Chapter 2: Population

Chapter 2: Population
Tracy Otieno
Dedeepya Mulpuru
What is Population?
• Population
– The number of people in
a given region
– Counted by a census
which is counted every
10 years in most
• Census
– The counting the
population in a region.
– Gathers information
including gender, race,
age, income..etc.
• Demography
– The study of
characteristics of
human population
• Population Density
– Number of people
occupying an area of
U.S and World Population Clock
Measuring population
• 2/3rds of the world
population is
concentrated in four
specific areas:
– East Asia, Southwest
Asia, South Asia and
• Ecumene
– Portion of Earth’s
surface occupied by
permanent human
• Crude density
– Number of people in a
given area
• Population Density
– Total number of people
divided by total land area
• Agricultural density
– Number of farmers per
arable land
• Physiological density
– Number of people per
arable land
Population Change
• Total Fertility Rate
– Average number of
children a woman will
have during childbearing
• Infant Mortality Rate
– Number of infants under
age 1 compared with
total live births
• Life Expectancy
– Average number of years
expected to live
• Crude Birth Rate
– Number of births per 1,000
• Crude Death Rate
– Number of deaths per 1,000
• Doubling time
– Amount of time it takes the
population to double of a
given region
• Natural Rate of Increase
– Percentage of population
growth in a year
– Equation: (CBR-CDR)/10
Population Pyramid
• A bar graph that displays age
and gender of a population.
– The shape is determined by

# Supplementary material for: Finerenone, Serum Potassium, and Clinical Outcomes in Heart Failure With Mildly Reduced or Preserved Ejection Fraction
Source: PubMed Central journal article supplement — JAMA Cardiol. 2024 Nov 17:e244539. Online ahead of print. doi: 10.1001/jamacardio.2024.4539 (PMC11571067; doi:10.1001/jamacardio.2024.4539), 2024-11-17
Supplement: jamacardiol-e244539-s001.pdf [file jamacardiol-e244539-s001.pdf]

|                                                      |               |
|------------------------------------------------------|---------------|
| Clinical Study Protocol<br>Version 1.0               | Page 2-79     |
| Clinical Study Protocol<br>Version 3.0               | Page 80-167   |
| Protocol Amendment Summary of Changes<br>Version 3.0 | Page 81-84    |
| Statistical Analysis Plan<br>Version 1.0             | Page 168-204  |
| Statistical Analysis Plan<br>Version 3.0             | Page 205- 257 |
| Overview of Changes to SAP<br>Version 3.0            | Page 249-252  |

the CBR
– Influenced by % of population
in each age group and
distribution of males and
• Sex ratio
– Number of males per 100
• Dependency ratio
– Number of people to young or
too old compared to those
who work
Why does population increase at
different rates in different places?
• Based on the demographic transition model,
it explains population change as a country
develops from a pre-Industrial to an
industrialized economic system.
Stage 1:
Stage 2:
Stage 3:
Stage 4:
Epidemiologic Transition Model
• Focuses on the distinctive causes of death in each stage of
the demographic transition:
– Stage 1: Pestilence and famine
• Black Plague
– Stage 2: Receding Plague
• Affects high percent of population and is wide spread
• cholera
– Stage 3: Degenerative and human-created diseases
• Decline of infectious diseases and is associated with aging
• cancer
– Stage 4: Delayed degenerative diseases
– (Stage 5: Reemergence of infectious diseases and parasitic
• Evolved diseases, new strains.
• Malaria
Malthus Theory
• Wrote an essay
Principle of Population
of 1798 which stated
that the population
would growing too fast
for the food supply.
– Critic:
• Failed to considered
population growth in
poor countries which
would result with a
wider resource gap.
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